He sits back in his chair and folds his arms on his chest, tilts his head, and smiles on one side of his mouth.
“Start with the easy stuff.”
The head tilt is a Keanu trick, which is perhaps the wrong word because it implies too much calculation, or deception, on his part. But it’s more than a tic, because it has purpose. It is calculated. He does it in character, and he does it as himself, and the power of the head tilt is that it breaks the moment. If a moment is getting too serious or too weird or too boring, the head tilt tugs things back to reality, or Keanu’s reality.
There is mystery in the head tilt, making him seem both very present and kind of elsewhere at the same time, and it makes us want to go along with him. (“He is a mystery, which makes him even more charming,” Diane Keaton says.)
One time in the summer of 2019, Keanu went to a movie theater to see John Wick 3. “I didn’t know if I was going to get the chance to do another one, and I just wanted to see if people liked it,” he says. “It was cool when people started laughing during the knife fight in the opening.” He laughs a mischievous, little-kid laugh, a tee-hee laugh. “I went with a friend. I was like, ‘Let’s go see John Wick 3 before it goes.’ I love John Wick movies! They’re fun!” He is smiling, eyes wide, speaking faster, with more excitement—speaking almost as if he were not the actor playing John Wick. “I wanted to be with an audience, because I didn’t know if I would get to see it again, or if another one would happen. I wanted to soak it in, to see it on the big screen—these movies are made for the big screen. We got popcorn—you gotta have popcorn. Some Peanut M&M’s. Sweet and savory. Coca-Cola.”
He slips into an old-timey voice: “Watch a picture show!”
He left home at eighteen not having graduated from any of the four high schools he attended, and at twenty he left Toronto, driving a 1969 British racing-green Volvo 122 straight to Los Angeles. He read Philip K. Dick and The Hitchhiker’s Guide to the Galaxy and William Gibson. Head-tilt kind of stuff. He read Shakespeare again and again.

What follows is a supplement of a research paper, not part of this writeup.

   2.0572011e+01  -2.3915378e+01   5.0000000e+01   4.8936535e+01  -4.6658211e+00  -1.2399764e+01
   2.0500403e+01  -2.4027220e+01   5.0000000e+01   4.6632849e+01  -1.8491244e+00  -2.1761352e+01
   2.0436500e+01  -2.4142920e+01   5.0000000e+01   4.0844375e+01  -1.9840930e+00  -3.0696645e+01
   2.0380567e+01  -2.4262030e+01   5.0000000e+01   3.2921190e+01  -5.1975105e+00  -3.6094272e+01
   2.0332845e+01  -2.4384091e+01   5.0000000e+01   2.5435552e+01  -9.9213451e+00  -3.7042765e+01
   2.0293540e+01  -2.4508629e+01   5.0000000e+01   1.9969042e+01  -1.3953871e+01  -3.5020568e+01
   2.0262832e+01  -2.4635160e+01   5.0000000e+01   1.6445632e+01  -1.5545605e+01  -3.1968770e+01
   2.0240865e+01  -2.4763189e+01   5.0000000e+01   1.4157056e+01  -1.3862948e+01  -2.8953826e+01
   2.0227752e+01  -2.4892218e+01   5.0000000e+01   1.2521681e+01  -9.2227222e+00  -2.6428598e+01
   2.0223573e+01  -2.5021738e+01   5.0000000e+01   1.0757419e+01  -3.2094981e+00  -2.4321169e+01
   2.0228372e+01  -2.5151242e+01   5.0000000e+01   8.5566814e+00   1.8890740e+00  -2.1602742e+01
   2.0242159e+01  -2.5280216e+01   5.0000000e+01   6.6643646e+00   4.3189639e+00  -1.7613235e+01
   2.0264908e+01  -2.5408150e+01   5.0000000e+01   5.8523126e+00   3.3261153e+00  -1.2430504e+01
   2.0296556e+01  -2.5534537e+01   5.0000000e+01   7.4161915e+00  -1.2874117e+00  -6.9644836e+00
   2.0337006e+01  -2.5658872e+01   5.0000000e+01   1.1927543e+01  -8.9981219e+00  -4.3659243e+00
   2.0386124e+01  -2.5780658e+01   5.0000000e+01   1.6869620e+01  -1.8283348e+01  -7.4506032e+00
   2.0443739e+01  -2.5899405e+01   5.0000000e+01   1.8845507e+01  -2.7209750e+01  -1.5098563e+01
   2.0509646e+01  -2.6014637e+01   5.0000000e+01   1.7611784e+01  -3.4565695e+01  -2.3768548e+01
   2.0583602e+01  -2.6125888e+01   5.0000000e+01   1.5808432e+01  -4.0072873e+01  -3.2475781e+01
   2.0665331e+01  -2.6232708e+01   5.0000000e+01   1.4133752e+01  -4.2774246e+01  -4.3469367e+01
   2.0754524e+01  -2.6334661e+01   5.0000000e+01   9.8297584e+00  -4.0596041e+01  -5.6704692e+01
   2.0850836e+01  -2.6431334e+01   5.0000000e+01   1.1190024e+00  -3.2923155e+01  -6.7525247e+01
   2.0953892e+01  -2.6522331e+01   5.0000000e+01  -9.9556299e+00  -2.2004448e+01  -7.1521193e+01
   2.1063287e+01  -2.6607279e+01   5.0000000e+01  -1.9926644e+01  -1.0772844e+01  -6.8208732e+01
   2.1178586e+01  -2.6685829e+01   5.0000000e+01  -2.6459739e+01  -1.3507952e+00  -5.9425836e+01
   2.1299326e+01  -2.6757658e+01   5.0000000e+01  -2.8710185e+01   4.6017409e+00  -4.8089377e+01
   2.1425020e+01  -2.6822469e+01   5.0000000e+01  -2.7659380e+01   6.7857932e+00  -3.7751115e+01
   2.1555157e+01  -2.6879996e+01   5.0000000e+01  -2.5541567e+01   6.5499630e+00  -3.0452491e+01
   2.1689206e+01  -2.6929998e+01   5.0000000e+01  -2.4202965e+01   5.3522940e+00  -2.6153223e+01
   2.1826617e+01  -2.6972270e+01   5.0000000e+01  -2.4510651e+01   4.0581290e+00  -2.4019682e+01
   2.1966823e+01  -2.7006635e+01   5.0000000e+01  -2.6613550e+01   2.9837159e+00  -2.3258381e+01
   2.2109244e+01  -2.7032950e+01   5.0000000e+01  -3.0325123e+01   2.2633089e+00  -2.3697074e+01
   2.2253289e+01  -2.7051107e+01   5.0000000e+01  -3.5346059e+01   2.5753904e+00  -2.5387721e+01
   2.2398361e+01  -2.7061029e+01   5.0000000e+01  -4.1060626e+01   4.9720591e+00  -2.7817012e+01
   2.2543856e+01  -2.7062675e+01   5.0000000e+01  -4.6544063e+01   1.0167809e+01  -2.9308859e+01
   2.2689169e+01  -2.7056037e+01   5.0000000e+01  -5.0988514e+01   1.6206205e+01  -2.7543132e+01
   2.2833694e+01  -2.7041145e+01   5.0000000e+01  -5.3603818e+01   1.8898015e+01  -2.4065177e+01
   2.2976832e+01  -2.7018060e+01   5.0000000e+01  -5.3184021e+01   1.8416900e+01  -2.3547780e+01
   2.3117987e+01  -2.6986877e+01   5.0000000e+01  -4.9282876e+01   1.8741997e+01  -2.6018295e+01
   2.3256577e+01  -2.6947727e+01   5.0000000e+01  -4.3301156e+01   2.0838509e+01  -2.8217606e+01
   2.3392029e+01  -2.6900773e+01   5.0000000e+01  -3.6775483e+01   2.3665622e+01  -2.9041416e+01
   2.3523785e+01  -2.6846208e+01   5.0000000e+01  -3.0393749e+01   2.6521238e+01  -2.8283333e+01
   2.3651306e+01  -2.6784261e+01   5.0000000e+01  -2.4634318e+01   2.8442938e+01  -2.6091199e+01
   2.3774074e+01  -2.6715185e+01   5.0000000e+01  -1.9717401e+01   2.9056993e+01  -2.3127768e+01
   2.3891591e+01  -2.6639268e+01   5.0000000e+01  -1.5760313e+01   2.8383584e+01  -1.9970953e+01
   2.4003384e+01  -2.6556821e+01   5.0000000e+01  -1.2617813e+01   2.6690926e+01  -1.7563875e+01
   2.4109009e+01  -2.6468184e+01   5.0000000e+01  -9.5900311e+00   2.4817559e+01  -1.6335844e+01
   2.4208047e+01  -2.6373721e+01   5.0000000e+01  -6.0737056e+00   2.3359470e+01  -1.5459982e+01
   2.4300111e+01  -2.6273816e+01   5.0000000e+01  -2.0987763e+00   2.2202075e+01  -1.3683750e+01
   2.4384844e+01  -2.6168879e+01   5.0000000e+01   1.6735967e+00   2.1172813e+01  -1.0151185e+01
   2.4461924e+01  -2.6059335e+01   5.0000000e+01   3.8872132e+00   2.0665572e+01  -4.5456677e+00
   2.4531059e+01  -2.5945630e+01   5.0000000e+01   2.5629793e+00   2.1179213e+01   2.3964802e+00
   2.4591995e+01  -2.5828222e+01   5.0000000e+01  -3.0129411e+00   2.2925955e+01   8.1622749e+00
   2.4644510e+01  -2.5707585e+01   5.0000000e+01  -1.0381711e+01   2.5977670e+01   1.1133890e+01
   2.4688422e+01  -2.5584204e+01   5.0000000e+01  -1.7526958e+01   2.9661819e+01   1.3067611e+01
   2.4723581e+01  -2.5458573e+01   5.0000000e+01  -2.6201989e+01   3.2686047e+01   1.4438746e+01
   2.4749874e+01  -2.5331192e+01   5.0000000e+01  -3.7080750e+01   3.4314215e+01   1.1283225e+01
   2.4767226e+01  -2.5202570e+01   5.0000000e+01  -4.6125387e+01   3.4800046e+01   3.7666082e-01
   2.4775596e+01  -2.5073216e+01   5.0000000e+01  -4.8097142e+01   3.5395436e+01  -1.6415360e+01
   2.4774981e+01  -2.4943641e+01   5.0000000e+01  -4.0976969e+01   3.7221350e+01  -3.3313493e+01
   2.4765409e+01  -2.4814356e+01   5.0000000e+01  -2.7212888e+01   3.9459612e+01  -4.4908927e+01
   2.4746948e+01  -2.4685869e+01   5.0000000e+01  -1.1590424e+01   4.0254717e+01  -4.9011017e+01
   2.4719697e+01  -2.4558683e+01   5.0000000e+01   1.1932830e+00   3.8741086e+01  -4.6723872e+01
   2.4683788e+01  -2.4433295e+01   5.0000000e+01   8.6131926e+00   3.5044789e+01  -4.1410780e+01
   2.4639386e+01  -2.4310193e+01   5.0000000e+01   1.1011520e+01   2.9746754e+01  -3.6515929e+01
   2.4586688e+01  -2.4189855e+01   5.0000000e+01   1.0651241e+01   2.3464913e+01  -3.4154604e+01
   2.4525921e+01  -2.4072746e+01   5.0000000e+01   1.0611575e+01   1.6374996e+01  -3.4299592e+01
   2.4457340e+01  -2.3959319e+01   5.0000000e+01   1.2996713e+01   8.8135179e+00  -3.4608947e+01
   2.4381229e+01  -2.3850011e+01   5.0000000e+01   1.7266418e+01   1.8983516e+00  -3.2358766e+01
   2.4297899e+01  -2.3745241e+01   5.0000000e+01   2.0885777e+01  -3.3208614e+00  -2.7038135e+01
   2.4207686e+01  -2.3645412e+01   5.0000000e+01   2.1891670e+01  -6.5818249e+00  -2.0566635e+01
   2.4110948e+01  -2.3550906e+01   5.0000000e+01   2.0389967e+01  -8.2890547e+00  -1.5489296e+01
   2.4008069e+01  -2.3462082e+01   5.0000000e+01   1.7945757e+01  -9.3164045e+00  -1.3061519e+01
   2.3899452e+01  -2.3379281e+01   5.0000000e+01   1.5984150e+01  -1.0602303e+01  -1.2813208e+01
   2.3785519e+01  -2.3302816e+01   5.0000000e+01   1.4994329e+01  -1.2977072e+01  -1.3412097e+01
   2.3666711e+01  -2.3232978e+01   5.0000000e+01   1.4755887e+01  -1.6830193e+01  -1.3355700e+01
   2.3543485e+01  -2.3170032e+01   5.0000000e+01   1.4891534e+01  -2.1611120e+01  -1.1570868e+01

Sometime around 1990, having appeared in a dozen or so movies already, he read a script that was inspired by Henry IV called My Own Private Idaho, by Gus Van Sant, the story of a couple hustlers finding their way in the world, desperate to get closer to the point of it all. He made that movie with River Phoenix. And then, six or seven years later, he read The Matrix, a screenplay by Lana and Lilly Wachowski. “I just mainlined it,” he says. “I thought”—Jimmy Cagney voice—“Well, this is up my alley! I’d had some of that thought training, reading about multi personality universes and perspectives. So when I came across the script, thinking about this reality and this matrix, and then anime agents and the idea of thought control or what’s reality, and virtual reality—yeah, I felt pretty at home in those.
“Those are stories and perspectives on storytelling that I prefer. There’s always a relationship—a drama, a circumstance—in storytelling. But for me, it’s cool when a work of art can entertain but also be inspirational or challenging or—I’m gonna bring up ye olde Bard—hold the mirror up. It’s much more rewarding because it means that you’re getting into it. Asking questions. Looking at the diamond and seeing which ways the light refracts and reflects. It can be everything from ‘Be excellent to each other’ in the circumstances of Bill and Ted, and those characters going against all odds, to The Matrix, which is, you know, ‘What truth?’ Confronting systems of control and thinking about will, and love, and who we are and how we are. Even back to River’s Edge: a group of high school kids and a murder. What are the choices they make? And then the impact of technology in storytelling: playing A Scanner Darkly, or even Johnny Mnemonic. The journey of Little Buddha, working with Bertolucci and being introduced in a very very very very very very very broad way to Buddhist practice and thought. The notion of impermanence and connection to one’s own body and thought and feeling, and sensorially your relationship to the world and meaning. And being confronted by one’s own anatomical mind. Being introduced to meditation and what that is and to have mind-expanding experiences without any other stimulus besides intention, thought, and sitting. It really does kind of unfold to: Wow, there is a lot more going on! What’s going on?”
No head tilt. Keanu shifts in his chair and stares straight ahead.
There’s a moment in Parenthood when Reeves’s dude-bro character, Tod, gives a terrific little speech to his girlfriend’s mom, played by Dianne Wiest. Now, throughout most of the story, Tod is the mom’s enemy, a wannabe man, maybe not so bright, stealing her daughter into adulthood. But then he does his monologue while drinking milk from the carton in her kitchen.
“I guess a boy Garry’s age really needs a man around,” Wiest’s character says, referring to how Tod has become an unlikely father figure for her thirteen-year-old son. “Yeah, well,” Tod says, guzzling milk. He stops, points a pinkie at her: “Depends on the man. I had a man around. He used to wake me up in the morning by flicking lit cigarettes at my head. ‘Hey, asshole! Get up and make me breakfast.’ You know, Mrs. Buckman, you need a license to buy a dog or drive a car. Hell, you need a license to catch a fish. But they’ll let any butt-reaming asshole be a father.”
He gazes off for just a second, snaps to, and looks Wiest right in the eye. Then he shudders and makes a bluurhrh sound, as if he’s shaking off a big insect or a bad memory, and says, “Well, I’m gonna pick up Julie.”
Thirty-two years later, Plimpton remembers it: “That’s him. That little shudder. He added that. That’s his little touch. I thought it was fucking brilliant. It was hilarious. And so him. So dear. So. Dear. I just love that moment in the movie.”